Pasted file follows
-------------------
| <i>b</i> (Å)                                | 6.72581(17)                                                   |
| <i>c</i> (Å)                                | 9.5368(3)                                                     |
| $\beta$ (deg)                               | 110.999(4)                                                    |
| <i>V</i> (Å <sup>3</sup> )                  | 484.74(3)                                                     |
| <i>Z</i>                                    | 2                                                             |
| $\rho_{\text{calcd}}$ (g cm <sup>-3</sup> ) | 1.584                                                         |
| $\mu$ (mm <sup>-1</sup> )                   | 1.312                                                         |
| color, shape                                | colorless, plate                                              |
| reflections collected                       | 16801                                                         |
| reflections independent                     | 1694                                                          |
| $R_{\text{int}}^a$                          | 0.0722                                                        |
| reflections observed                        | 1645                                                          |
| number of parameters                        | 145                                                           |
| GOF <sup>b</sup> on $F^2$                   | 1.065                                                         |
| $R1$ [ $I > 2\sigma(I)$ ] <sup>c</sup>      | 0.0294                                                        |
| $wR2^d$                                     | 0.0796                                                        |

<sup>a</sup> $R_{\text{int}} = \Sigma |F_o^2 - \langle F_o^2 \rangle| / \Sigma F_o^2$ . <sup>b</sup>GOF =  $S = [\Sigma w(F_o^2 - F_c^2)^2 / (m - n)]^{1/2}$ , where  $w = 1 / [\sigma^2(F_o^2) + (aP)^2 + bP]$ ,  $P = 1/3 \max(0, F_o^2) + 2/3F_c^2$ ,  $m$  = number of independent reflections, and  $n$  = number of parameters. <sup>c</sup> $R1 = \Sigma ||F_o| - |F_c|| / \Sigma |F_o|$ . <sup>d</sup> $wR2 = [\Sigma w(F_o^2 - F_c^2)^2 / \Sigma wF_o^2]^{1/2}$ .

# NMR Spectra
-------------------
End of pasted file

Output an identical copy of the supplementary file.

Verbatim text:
| <i>b</i> (Å)                                | 6.72581(17)                                                   |
| <i>c</i> (Å)                                | 9.5368(3)                                                     |
| $\beta$ (deg)                               | 110.999(4)                                                    |
| <i>V</i> (Å <sup>3</sup> )                  | 484.74(3)                                                     |
| <i>Z</i>                                    | 2                                                             |
| $\rho_{\text{calcd}}$ (g cm <sup>-3</sup> ) | 1.584                                                         |
| $\mu$ (mm <sup>-1</sup> )                   | 1.312                                                         |
| color, shape                                | colorless, plate                                              |
| reflections collected                       | 16801                                                         |
| reflections independent                     | 1694                                                          |
| $R_{\text{int}}^a$                          | 0.0722                                                        |
| reflections observed                        | 1645                                                          |
| number of parameters                        | 145                                                           |
| GOF <sup>b</sup> on $F^2$                   | 1.065                                                         |
| $R1$ [ $I > 2\sigma(I)$ ] <sup>c</sup>      | 0.0294                                                        |
| $wR2^d$                                     | 0.0796                                                        |

<sup>a</sup> $R_{\text{int}} = \Sigma |F_o^2 - \langle F_o^2 \rangle| / \Sigma F_o^2$ . <sup>b</sup>GOF =  $S = [\Sigma w(F_o^2 - F_c^2)^2 / (m - n)]^{1/2}$ , where  $w = 1 / [\sigma^2(F_o^2) + (aP)^2 + bP]$ ,  $P = 1/3 \max(0, F_o^2) + 2/3F_c^2$ ,  $m$  = number of independent reflections, and  $n$  = number of parameters. <sup>c</sup> $R1 = \Sigma ||F_o| - |F_c|| / \Sigma |F_o|$ . <sup>d</sup> $wR2 = [\Sigma w(F_o^2 - F_c^2)^2 / \Sigma wF_o^2]^{1/2}$ .

# NMR Spectra